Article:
The seamless flow of traffic between England and France could suddenly become a snarl of delays if the United Kingdom and the European Union fail to come to an agreement on Brexit. Multiple studies predict long lines at the border as basic checks (e.g., visas and health checks on food exports) are carried out for the first time in decades. The increased work load will require hundreds of new employees to handle the overwhelming workload. It’s very unlikely that ports on either side of the English Channel will be ready by the March deadline.
The coming snarl is the result of many months of stalled negotiations, including conflict over how Irish goods are to enter the EU (through French or Belgian ports, or through two separate English ports and then EU ports), as well as a crippling uncertainty as to whether negotiators will meet the deadline for a deal or not. Some companies are already planning ahead by increasing capacity and seeking alternative routes. Those who have not done so will face long delays and supply chain crunches at the borders.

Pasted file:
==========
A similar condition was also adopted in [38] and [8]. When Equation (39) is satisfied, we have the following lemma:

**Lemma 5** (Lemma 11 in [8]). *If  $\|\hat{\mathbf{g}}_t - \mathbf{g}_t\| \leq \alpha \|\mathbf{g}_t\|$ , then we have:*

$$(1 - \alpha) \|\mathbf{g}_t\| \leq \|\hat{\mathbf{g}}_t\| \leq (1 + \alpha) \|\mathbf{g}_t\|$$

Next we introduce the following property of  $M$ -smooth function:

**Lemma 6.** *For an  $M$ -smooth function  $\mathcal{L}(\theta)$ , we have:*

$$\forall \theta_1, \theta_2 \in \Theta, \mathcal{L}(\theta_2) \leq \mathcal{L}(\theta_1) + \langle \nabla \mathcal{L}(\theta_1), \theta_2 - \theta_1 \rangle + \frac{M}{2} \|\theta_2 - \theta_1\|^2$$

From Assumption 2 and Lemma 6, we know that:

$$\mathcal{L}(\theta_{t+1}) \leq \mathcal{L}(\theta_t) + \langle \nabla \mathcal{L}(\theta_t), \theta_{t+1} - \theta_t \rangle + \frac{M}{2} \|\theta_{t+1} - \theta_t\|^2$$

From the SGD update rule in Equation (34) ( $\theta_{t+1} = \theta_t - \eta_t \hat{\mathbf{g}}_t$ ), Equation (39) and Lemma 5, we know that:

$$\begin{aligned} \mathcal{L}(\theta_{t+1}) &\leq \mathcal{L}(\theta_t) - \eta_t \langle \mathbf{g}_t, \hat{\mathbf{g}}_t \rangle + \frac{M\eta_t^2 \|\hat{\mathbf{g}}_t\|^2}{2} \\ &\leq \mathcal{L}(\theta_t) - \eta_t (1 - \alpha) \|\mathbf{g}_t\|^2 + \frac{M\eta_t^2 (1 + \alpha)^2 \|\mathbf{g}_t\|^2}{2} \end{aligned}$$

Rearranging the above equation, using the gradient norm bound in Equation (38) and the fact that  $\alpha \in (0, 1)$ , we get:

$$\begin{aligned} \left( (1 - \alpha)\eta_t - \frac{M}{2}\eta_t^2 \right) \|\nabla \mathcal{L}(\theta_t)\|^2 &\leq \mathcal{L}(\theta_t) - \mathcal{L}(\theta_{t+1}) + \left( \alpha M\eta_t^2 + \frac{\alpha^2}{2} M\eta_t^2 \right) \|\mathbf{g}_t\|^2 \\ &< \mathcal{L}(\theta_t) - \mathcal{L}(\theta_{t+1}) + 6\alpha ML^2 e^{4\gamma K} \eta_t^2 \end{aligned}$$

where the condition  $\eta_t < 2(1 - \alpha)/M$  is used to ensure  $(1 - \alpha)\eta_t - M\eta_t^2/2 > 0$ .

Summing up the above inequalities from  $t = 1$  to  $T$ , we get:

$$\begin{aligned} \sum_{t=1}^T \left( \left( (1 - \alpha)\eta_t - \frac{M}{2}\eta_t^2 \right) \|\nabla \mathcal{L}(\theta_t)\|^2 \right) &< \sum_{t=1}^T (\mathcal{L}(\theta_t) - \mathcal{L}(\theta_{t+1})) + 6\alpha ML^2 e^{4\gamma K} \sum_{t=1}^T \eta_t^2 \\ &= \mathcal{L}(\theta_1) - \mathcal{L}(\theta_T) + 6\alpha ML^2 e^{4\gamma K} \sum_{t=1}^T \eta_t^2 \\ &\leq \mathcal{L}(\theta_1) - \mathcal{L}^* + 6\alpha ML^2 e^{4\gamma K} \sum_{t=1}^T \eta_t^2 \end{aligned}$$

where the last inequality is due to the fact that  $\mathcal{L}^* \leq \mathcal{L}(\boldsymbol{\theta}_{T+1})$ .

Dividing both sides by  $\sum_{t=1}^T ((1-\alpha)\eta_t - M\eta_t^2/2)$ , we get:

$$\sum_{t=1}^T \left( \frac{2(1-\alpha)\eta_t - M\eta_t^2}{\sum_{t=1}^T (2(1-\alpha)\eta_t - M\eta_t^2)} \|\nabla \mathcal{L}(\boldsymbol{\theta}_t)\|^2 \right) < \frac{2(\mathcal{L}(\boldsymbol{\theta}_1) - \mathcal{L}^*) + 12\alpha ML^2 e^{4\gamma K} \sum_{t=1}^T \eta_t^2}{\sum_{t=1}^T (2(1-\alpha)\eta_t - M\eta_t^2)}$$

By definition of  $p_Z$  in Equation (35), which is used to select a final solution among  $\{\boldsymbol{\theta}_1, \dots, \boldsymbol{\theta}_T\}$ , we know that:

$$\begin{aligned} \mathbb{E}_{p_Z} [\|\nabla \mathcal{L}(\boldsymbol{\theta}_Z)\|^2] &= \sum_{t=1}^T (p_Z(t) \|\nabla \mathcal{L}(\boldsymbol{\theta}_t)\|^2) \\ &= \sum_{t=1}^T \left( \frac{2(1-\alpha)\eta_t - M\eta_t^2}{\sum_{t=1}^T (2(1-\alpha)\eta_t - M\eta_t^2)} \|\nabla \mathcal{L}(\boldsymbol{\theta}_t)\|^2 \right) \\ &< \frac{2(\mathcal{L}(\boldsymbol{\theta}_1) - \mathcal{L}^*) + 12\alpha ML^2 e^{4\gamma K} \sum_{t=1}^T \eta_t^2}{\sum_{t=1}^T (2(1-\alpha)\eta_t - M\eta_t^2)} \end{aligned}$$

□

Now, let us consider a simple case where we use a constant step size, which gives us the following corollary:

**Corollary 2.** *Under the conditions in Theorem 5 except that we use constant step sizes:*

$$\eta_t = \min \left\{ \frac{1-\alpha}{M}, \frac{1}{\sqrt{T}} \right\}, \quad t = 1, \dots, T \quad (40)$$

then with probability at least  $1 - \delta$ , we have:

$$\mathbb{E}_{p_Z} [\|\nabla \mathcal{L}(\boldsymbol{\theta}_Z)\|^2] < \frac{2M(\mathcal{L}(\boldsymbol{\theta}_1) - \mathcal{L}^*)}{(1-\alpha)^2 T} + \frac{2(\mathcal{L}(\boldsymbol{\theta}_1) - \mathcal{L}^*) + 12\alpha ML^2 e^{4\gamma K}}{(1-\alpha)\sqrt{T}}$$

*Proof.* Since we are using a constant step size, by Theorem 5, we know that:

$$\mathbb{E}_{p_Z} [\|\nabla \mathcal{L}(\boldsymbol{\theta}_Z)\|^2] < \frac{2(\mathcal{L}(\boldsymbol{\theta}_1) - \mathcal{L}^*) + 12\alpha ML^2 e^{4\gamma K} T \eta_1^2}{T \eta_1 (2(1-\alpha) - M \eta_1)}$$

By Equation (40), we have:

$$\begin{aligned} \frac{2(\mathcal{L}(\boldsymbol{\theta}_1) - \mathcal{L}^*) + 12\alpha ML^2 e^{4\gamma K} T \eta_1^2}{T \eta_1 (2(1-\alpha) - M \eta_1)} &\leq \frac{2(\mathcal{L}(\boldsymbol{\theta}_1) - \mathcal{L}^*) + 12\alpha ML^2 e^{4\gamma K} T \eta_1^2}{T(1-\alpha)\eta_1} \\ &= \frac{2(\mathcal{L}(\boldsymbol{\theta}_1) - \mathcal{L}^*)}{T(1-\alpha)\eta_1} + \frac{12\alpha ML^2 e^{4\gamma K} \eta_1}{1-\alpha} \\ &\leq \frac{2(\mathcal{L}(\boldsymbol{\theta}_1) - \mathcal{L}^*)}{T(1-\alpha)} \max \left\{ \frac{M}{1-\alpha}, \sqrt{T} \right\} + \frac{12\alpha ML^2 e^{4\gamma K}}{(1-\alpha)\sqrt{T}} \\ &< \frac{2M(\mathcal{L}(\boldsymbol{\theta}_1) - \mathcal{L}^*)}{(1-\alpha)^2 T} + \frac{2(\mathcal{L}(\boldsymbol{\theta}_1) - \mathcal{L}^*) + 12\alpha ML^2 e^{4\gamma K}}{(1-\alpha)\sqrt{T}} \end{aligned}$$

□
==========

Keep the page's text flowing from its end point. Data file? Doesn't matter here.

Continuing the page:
“By way of example, according to the Port of Dover, lorry loads of goods entering Dover from outside the EU (around 3% of the total) are subject to checks that take 45 minutes on average, having been subject to the same checks on entering the EU,” wrote the authors of a brief on Brexit and U.K. ports. “Post-Brexit, adding four of those checks (at an Irish port, at two English ports, and then a French one) onto each consignment of Irish goods starts to look unpalatable.”